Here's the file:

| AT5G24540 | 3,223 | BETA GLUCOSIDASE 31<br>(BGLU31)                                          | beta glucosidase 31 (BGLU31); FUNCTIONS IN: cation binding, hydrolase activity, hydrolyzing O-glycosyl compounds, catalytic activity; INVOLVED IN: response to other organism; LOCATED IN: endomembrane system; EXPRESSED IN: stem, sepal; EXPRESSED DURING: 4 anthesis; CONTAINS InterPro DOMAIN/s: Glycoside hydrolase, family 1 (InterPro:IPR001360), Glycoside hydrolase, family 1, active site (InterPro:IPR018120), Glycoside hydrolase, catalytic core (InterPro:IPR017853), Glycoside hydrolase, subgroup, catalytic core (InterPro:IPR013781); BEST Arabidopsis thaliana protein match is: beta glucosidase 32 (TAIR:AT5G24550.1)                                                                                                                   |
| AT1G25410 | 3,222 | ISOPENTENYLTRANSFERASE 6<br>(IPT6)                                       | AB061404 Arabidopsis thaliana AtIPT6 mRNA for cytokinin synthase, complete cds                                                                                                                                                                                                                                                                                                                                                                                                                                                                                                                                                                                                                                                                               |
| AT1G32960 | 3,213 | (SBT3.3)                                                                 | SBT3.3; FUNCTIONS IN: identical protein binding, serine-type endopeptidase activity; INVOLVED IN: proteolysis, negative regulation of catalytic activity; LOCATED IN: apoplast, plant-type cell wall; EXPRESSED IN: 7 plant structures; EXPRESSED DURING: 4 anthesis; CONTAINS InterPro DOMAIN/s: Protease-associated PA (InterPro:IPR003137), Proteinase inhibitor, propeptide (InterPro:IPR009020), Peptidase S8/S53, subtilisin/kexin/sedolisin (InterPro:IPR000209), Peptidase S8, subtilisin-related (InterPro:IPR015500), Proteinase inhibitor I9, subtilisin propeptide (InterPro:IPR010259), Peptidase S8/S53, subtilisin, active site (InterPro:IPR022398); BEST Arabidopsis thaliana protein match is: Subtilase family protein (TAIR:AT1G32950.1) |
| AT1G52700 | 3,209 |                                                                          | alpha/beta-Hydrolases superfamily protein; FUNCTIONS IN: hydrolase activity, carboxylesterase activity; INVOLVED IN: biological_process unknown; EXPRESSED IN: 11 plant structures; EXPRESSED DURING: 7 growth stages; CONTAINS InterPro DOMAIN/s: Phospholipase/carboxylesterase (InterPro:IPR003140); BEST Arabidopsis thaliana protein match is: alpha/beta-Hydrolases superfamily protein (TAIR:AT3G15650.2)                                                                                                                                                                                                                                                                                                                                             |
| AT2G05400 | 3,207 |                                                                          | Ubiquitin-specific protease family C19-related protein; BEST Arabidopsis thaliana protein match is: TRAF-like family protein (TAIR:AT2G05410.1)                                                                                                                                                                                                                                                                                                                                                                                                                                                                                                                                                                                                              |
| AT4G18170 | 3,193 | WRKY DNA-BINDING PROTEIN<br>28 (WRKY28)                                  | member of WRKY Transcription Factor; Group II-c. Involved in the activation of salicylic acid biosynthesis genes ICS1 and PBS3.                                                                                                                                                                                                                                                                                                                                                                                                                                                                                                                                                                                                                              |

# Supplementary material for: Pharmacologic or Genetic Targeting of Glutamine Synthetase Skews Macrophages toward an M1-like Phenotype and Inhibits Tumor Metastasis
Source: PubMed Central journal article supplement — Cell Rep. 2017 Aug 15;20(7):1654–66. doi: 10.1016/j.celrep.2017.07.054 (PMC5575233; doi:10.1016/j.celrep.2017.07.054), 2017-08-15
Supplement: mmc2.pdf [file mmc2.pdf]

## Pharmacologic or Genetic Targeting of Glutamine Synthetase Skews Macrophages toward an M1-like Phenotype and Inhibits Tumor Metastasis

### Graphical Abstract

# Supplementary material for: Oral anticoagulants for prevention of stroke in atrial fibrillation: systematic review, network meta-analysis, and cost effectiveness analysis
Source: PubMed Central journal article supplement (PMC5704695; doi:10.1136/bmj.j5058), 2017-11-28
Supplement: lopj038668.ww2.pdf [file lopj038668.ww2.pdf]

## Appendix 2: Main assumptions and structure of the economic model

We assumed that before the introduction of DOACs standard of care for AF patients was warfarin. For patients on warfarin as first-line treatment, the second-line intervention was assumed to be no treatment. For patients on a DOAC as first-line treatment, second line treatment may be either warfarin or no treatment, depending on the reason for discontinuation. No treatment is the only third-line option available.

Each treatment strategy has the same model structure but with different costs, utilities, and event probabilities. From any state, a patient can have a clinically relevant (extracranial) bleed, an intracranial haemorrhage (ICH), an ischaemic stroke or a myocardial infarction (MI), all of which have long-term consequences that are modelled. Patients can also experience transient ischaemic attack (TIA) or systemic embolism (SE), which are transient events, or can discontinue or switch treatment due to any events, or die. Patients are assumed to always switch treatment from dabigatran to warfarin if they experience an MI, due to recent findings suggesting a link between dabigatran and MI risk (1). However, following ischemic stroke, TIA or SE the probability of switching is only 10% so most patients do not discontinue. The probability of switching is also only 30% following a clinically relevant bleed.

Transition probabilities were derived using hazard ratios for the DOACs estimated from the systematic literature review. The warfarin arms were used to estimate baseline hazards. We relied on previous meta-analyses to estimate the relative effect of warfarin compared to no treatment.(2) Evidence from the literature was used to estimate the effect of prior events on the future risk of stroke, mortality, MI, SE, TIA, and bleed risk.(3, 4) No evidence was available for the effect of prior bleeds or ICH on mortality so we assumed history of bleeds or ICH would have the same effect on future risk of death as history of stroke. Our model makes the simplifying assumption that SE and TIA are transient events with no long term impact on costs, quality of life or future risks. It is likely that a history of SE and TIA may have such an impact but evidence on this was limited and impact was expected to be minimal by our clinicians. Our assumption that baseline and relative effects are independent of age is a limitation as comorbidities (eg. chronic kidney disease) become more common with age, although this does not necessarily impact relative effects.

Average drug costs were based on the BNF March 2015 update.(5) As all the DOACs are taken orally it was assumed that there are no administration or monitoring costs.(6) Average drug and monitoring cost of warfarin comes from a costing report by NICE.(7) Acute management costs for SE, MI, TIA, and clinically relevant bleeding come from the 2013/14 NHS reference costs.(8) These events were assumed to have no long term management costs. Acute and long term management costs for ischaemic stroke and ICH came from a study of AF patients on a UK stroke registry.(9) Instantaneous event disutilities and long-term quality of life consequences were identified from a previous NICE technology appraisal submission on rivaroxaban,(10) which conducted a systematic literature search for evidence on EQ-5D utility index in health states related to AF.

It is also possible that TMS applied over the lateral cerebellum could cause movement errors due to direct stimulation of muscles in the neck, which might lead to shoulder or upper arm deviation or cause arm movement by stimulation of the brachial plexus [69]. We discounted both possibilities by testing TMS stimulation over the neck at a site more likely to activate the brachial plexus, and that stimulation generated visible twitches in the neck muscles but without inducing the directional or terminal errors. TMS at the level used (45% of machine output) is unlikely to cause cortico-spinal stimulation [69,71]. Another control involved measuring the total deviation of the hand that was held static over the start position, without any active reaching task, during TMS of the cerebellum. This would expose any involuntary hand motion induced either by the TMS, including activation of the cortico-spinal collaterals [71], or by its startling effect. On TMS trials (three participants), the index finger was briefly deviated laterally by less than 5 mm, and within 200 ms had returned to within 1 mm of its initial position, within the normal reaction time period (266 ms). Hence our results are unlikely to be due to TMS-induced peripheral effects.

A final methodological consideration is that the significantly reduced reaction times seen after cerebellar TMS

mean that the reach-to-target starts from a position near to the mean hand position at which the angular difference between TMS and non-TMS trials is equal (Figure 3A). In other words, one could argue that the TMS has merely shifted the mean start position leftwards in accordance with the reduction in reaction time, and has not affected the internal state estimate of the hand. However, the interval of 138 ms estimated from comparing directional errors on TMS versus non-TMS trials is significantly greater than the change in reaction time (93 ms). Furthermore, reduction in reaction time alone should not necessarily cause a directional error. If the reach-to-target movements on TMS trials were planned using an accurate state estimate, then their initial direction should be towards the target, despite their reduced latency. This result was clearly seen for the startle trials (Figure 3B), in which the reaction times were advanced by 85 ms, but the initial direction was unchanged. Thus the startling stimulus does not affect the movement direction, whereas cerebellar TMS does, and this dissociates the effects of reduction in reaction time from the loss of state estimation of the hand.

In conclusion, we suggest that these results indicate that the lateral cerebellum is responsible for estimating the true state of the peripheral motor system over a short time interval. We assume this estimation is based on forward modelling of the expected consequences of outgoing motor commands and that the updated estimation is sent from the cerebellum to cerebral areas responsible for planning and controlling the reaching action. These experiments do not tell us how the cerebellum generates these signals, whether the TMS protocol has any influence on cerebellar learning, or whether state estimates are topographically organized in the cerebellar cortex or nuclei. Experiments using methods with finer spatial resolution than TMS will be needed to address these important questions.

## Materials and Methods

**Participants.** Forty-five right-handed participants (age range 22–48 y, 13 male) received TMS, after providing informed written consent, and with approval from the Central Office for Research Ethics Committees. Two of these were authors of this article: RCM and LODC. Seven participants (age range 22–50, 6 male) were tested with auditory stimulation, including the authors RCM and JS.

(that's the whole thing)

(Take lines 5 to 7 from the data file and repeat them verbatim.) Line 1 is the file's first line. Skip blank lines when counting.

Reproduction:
| AT2G05400 | 3,207 |                                                                          | Ubiquitin-specific protease family C19-related protein; BEST Arabidopsis thaliana protein match is: TRAF-like family protein (TAIR:AT2G05410.1)                                                                                                                                                                                                                                                                                                                                                                                                                                                                                                                                                                                                              |
| AT4G18170 | 3,193 | WRKY DNA-BINDING PROTEIN<br>28 (WRKY28)                                  | member of WRKY Transcription Factor; Group II-c. Involved in the activation of salicylic acid biosynthesis genes ICS1 and PBS3.                                                                                                                                                                                                                                                                                                                                                                                                                                                                                                                                                                                                                              |

# Supplementary material for: Pharmacologic or Genetic Targeting of Glutamine Synthetase Skews Macrophages toward an M1-like Phenotype and Inhibits Tumor Metastasis